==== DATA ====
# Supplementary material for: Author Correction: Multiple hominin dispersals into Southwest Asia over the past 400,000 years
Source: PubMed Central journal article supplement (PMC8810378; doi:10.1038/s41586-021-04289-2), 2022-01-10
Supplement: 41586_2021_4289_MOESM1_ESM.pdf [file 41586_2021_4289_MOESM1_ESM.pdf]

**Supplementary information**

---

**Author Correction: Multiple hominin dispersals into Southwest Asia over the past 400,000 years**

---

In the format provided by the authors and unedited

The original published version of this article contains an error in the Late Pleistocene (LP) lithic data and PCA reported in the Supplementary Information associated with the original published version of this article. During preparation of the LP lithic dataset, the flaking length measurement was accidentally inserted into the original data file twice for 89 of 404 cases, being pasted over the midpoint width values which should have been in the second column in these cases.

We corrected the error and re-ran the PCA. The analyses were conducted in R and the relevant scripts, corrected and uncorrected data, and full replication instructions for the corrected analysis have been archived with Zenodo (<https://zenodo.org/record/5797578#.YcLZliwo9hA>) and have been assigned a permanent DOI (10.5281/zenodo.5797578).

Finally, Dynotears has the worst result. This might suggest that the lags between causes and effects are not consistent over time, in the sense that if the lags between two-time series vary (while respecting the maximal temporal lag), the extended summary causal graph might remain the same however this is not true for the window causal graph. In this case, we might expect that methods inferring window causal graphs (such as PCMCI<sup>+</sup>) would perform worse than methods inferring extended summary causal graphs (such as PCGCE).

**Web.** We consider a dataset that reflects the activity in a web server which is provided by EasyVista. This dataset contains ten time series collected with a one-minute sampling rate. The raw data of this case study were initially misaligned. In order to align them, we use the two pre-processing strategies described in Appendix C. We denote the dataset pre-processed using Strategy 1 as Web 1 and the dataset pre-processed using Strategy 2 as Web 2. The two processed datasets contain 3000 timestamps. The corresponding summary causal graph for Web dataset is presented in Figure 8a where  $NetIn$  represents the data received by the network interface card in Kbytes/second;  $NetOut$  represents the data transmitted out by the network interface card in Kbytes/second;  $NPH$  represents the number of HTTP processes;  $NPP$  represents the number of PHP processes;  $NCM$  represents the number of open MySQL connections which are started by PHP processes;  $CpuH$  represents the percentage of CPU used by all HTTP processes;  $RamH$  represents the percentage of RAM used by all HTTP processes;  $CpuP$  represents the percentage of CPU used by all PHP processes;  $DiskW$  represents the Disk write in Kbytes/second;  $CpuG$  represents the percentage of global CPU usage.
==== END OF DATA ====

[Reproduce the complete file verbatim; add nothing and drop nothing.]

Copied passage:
# Supplementary material for: Author Correction: Multiple hominin dispersals into Southwest Asia over the past 400,000 years
Source: PubMed Central journal article supplement (PMC8810378; doi:10.1038/s41586-021-04289-2), 2022-01-10
Supplement: 41586_2021_4289_MOESM1_ESM.pdf [file 41586_2021_4289_MOESM1_ESM.pdf]

**Supplementary information**

---

**Author Correction: Multiple hominin dispersals into Southwest Asia over the past 400,000 years**

---

In the format provided by the authors and unedited

The original published version of this article contains an error in the Late Pleistocene (LP) lithic data and PCA reported in the Supplementary Information associated with the original published version of this article. During preparation of the LP lithic dataset, the flaking length measurement was accidentally inserted into the original data file twice for 89 of 404 cases, being pasted over the midpoint width values which should have been in the second column in these cases.

We corrected the error and re-ran the PCA. The analyses were conducted in R and the relevant scripts, corrected and uncorrected data, and full replication instructions for the corrected analysis have been archived with Zenodo (<https://zenodo.org/record/5797578#.YcLZliwo9hA>) and have been assigned a permanent DOI (10.5281/zenodo.5797578).

Finally, Dynotears has the worst result. This might suggest that the lags between causes and effects are not consistent over time, in the sense that if the lags between two-time series vary (while respecting the maximal temporal lag), the extended summary causal graph might remain the same however this is not true for the window causal graph. In this case, we might expect that methods inferring window causal graphs (such as PCMCI<sup>+</sup>) would perform worse than methods inferring extended summary causal graphs (such as PCGCE).

**Web.** We consider a dataset that reflects the activity in a web server which is provided by EasyVista. This dataset contains ten time series collected with a one-minute sampling rate. The raw data of this case study were initially misaligned. In order to align them, we use the two pre-processing strategies described in Appendix C. We denote the dataset pre-processed using Strategy 1 as Web 1 and the dataset pre-processed using Strategy 2 as Web 2. The two processed datasets contain 3000 timestamps. The corresponding summary causal graph for Web dataset is presented in Figure 8a where  $NetIn$  represents the data received by the network interface card in Kbytes/second;  $NetOut$  represents the data transmitted out by the network interface card in Kbytes/second;  $NPH$  represents the number of HTTP processes;  $NPP$  represents the number of PHP processes;  $NCM$  represents the number of open MySQL connections which are started by PHP processes;  $CpuH$  represents the percentage of CPU used by all HTTP processes;  $RamH$  represents the percentage of RAM used by all HTTP processes;  $CpuP$  represents the percentage of CPU used by all PHP processes;  $DiskW$  represents the Disk write in Kbytes/second;  $CpuG$  represents the percentage of global CPU usage.